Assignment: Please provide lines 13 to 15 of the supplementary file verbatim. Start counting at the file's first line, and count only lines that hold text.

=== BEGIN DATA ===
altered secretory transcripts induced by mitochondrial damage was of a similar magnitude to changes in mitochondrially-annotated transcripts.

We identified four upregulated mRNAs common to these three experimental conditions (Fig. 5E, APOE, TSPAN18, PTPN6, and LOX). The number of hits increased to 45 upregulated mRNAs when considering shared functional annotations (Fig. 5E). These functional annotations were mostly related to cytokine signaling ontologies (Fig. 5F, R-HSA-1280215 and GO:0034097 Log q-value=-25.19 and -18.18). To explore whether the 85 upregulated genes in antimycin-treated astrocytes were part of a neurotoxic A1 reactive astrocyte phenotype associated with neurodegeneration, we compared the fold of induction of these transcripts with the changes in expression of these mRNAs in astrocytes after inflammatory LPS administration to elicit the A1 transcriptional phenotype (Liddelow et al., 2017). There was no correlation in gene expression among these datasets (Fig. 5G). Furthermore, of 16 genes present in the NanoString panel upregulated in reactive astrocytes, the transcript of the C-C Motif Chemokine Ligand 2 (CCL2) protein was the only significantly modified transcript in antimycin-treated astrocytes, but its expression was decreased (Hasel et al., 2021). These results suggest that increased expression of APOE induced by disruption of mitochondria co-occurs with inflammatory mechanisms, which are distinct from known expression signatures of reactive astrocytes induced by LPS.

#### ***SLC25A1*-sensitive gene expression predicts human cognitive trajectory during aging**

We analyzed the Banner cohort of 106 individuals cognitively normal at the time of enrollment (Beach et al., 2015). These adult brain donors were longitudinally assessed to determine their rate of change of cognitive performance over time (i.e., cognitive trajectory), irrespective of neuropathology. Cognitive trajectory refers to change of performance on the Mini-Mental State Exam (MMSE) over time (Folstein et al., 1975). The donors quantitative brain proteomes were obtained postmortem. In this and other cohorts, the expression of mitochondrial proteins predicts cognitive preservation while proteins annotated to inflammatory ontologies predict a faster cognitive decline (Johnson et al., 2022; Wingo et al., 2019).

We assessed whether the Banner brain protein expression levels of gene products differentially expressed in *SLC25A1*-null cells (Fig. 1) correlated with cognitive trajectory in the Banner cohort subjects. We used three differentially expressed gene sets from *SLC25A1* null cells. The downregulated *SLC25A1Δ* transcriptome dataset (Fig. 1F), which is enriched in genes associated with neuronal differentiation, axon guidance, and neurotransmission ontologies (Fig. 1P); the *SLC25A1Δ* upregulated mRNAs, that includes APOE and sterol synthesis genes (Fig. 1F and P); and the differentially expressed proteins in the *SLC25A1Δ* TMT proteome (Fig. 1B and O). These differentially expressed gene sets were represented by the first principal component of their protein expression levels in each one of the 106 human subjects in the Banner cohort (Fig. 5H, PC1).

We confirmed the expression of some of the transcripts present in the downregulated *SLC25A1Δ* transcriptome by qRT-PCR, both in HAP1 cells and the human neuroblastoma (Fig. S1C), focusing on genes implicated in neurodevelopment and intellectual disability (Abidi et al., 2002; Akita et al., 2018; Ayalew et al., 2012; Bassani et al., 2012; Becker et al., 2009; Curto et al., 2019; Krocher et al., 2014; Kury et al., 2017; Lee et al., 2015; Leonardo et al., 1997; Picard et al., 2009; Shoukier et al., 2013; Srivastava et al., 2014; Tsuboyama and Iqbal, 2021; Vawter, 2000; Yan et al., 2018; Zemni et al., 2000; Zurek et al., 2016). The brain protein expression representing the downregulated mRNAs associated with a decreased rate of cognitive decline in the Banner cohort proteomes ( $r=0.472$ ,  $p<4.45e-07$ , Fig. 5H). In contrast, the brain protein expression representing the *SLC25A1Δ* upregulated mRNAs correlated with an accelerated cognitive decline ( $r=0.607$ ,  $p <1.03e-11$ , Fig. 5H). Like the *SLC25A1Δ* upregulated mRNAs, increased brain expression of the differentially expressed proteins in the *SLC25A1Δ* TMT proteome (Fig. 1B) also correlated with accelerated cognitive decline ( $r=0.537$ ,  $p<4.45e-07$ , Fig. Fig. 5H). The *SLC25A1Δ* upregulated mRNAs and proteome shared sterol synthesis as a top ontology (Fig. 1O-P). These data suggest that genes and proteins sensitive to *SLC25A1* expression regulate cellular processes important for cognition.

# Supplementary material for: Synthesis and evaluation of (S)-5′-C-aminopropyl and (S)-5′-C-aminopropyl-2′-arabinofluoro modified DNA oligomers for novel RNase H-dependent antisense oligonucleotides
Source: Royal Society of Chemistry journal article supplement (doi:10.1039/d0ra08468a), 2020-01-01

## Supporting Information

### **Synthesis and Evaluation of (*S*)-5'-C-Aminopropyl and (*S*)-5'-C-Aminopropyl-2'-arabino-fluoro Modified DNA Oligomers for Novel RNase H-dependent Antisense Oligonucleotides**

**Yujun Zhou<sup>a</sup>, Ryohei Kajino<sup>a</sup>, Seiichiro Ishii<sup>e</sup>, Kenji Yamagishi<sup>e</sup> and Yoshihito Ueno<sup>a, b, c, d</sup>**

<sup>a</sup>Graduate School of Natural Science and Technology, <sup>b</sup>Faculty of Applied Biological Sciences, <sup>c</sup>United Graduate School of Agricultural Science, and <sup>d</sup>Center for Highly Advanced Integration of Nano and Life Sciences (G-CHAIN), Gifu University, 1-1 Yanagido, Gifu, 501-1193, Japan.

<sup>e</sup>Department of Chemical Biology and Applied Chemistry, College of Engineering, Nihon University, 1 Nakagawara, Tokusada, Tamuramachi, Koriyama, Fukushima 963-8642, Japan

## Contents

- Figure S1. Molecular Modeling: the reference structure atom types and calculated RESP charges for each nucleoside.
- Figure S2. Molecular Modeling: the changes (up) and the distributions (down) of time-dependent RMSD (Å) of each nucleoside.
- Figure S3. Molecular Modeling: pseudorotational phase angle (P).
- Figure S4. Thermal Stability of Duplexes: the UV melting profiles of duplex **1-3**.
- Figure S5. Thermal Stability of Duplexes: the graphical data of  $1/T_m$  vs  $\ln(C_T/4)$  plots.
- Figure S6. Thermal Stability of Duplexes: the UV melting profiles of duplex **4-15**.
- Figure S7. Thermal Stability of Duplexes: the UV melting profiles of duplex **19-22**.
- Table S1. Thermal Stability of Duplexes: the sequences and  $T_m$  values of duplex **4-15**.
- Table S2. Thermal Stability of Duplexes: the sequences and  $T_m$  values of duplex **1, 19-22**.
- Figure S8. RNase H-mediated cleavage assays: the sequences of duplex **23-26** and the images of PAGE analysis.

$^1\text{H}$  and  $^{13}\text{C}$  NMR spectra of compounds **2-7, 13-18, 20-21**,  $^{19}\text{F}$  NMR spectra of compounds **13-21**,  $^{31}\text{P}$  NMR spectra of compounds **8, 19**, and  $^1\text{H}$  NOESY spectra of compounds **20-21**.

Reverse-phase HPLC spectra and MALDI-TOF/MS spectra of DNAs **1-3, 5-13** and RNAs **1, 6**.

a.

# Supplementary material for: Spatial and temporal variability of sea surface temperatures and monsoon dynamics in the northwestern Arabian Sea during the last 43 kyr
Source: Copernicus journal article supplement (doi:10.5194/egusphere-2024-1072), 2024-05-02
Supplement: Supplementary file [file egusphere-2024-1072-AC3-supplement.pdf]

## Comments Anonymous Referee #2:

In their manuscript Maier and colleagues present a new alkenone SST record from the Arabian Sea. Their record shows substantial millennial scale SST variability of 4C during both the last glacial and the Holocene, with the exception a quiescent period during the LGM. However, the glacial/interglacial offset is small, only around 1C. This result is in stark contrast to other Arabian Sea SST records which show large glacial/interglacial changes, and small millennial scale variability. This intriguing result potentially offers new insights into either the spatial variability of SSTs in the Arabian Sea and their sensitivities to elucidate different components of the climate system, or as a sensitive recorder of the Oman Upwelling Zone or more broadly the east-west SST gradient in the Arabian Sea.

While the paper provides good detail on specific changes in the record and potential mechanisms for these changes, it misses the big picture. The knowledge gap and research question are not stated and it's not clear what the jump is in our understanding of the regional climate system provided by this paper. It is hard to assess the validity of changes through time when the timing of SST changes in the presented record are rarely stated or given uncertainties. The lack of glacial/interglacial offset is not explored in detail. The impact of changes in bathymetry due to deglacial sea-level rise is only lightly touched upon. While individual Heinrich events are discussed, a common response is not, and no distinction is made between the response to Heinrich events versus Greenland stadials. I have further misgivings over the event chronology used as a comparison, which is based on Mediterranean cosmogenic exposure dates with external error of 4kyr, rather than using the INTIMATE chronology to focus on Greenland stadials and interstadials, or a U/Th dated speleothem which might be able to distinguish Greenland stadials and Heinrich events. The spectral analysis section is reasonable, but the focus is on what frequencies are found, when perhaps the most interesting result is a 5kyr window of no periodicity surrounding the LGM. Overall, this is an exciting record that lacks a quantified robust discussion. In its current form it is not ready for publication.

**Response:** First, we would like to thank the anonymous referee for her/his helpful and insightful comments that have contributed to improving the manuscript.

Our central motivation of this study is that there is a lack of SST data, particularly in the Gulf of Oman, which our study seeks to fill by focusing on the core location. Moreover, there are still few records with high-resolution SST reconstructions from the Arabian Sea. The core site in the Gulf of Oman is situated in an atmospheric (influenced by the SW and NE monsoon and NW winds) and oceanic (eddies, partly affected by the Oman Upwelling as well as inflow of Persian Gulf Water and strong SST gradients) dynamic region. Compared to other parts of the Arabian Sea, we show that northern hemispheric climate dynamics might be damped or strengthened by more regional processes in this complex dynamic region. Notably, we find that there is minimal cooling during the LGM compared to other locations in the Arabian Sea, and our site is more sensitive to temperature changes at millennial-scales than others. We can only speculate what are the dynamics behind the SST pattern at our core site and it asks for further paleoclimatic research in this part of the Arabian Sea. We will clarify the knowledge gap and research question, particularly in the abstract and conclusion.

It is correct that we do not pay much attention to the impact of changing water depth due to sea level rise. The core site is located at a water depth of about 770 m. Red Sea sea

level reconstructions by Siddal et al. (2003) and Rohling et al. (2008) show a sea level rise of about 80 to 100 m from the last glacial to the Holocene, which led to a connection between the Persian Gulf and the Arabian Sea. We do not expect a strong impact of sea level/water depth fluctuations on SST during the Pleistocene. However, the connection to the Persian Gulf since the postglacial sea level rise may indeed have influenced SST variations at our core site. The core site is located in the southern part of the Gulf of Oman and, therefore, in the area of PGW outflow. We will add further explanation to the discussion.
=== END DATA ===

<sup>e</sup>Department of Chemical Biology and Applied Chemistry, College of Engineering, Nihon University, 1 Nakagawara, Tokusada, Tamuramachi, Koriyama, Fukushima 963-8642, Japan

## Contents

- Figure S1. Molecular Modeling: the reference structure atom types and calculated RESP charges for each nucleoside.